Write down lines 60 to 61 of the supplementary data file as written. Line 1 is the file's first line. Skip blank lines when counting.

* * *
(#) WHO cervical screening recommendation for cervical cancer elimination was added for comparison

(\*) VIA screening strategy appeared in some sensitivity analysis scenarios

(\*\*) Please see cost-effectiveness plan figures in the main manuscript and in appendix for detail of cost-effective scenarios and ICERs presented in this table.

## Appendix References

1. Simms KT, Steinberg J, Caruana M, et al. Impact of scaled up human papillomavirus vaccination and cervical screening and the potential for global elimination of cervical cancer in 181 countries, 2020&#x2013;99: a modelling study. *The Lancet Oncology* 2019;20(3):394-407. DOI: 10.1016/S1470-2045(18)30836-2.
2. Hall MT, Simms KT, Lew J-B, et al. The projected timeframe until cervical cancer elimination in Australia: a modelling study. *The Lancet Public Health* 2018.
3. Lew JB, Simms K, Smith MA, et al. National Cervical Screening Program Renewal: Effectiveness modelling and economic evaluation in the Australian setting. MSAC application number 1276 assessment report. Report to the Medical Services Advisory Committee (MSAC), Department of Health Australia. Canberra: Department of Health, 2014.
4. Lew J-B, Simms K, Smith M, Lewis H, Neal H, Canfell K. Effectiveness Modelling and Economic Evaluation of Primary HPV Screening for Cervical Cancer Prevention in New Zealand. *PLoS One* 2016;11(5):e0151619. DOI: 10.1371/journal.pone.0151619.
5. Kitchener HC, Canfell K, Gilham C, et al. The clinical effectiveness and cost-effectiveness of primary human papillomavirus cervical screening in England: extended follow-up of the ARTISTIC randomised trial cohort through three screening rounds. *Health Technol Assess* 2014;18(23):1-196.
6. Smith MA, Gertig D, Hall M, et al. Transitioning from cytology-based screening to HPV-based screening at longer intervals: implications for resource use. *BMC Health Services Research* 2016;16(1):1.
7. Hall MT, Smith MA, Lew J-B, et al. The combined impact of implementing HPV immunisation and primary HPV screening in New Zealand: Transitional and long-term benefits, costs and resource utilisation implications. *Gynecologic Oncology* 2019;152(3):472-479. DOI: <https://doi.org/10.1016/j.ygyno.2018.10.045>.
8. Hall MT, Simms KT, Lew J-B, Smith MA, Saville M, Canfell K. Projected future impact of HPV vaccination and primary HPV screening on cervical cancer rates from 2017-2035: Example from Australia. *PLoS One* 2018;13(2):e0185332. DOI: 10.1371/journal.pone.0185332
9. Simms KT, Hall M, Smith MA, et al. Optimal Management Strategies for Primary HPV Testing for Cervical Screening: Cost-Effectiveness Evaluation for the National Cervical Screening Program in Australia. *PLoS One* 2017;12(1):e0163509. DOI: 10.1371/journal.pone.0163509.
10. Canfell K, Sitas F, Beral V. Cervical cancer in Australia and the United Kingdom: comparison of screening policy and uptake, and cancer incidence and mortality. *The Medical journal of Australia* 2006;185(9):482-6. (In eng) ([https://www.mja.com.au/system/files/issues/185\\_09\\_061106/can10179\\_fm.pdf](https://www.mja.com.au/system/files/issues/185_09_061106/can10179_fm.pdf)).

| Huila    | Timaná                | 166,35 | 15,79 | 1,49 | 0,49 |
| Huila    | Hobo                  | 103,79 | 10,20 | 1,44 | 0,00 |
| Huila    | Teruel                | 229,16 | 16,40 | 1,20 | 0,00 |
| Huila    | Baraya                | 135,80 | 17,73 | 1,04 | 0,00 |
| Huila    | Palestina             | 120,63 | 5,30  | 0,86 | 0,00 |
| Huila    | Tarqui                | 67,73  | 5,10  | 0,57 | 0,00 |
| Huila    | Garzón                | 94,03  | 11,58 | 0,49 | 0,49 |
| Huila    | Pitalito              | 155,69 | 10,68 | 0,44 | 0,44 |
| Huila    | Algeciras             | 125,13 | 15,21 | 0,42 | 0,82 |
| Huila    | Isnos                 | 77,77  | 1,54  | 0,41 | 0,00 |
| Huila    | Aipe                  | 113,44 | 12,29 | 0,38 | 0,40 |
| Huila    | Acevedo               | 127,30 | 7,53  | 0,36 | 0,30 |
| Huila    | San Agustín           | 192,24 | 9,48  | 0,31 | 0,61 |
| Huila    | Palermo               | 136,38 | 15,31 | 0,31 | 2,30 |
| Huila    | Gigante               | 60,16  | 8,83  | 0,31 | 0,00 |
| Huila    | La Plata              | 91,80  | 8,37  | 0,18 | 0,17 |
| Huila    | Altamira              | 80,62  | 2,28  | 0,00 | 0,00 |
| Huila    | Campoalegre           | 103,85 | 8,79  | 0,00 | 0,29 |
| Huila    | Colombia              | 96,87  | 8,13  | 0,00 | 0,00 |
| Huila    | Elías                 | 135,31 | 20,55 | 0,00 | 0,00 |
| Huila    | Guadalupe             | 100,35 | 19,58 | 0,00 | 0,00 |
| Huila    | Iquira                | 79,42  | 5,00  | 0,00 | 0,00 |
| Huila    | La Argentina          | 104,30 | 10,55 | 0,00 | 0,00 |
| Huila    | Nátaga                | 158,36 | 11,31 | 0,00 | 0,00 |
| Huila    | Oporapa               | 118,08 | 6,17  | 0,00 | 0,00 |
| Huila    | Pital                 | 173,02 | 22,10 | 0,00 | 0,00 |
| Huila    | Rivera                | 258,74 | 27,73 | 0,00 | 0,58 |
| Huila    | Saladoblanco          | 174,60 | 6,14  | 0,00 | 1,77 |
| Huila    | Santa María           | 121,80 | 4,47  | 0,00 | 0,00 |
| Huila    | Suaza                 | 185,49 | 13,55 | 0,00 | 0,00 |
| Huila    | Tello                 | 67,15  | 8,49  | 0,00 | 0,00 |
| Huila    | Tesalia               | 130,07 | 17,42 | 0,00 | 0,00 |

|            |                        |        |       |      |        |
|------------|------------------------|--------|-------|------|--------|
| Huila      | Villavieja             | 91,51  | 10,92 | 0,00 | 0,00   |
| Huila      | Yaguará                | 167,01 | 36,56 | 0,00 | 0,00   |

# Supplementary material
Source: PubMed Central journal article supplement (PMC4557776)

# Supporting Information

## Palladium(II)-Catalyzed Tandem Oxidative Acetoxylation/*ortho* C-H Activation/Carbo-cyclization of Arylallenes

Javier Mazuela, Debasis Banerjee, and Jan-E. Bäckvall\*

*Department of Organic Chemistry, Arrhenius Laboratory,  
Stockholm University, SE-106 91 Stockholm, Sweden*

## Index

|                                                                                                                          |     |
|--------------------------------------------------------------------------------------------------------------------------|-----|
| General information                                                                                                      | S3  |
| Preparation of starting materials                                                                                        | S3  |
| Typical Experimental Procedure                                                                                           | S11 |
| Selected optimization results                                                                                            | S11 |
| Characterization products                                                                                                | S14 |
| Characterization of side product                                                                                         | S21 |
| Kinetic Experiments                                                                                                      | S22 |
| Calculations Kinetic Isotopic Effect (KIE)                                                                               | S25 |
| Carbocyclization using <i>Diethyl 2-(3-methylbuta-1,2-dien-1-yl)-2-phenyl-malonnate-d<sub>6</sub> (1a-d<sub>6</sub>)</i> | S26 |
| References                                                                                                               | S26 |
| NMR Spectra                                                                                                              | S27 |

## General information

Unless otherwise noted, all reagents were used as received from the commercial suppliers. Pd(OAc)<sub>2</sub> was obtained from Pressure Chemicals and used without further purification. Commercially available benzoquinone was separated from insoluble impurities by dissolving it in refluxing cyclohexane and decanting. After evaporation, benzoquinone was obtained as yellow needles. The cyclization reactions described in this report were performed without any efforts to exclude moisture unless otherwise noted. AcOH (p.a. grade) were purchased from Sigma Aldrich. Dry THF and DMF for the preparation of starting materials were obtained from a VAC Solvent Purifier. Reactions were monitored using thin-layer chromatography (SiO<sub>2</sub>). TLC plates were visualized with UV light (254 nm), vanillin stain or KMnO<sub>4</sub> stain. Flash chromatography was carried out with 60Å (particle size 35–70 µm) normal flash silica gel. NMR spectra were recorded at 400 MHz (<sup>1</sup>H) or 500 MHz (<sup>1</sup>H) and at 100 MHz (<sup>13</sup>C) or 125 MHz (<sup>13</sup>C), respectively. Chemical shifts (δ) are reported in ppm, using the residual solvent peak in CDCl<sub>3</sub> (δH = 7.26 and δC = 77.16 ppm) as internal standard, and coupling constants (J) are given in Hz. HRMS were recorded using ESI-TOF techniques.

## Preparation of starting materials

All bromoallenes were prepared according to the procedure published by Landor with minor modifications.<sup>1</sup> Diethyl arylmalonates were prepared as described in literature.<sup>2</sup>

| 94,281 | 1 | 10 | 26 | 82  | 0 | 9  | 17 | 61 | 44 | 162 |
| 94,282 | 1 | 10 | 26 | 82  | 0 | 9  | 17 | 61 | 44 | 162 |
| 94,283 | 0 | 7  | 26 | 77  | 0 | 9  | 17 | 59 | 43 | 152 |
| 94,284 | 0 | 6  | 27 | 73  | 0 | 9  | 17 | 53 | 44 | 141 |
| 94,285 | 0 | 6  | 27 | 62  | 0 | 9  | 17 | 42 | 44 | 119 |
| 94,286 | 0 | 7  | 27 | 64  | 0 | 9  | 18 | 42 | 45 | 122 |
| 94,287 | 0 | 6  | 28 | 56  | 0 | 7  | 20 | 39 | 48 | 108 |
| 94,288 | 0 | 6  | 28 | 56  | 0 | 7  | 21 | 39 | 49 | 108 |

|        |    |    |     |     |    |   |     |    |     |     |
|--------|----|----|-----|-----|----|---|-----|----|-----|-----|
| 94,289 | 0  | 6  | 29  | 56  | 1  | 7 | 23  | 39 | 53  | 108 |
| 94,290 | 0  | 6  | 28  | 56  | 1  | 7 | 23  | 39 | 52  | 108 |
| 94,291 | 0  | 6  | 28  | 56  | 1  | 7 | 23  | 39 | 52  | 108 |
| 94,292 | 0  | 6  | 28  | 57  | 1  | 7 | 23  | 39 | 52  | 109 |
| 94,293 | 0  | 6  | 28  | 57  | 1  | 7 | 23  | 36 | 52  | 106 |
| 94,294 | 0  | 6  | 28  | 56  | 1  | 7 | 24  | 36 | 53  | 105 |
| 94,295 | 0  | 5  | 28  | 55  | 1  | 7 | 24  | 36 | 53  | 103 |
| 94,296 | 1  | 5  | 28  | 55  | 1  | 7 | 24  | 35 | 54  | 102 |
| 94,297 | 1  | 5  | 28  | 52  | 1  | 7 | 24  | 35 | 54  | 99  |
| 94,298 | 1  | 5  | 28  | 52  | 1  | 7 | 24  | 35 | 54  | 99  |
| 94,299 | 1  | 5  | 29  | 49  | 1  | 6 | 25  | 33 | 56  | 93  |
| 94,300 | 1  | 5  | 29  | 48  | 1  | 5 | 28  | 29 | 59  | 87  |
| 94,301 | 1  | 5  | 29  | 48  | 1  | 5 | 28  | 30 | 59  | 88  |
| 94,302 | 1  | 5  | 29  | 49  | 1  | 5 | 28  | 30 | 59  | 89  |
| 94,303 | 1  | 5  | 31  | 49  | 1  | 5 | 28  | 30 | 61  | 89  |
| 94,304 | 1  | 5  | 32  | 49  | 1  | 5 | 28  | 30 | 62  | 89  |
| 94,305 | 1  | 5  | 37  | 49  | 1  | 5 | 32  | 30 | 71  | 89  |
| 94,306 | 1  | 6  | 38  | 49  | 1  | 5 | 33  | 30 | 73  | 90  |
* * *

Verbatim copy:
|--------------------------------------------------------------------------------------------------------------------------|-----|
| General information                                                                                                      | S3  |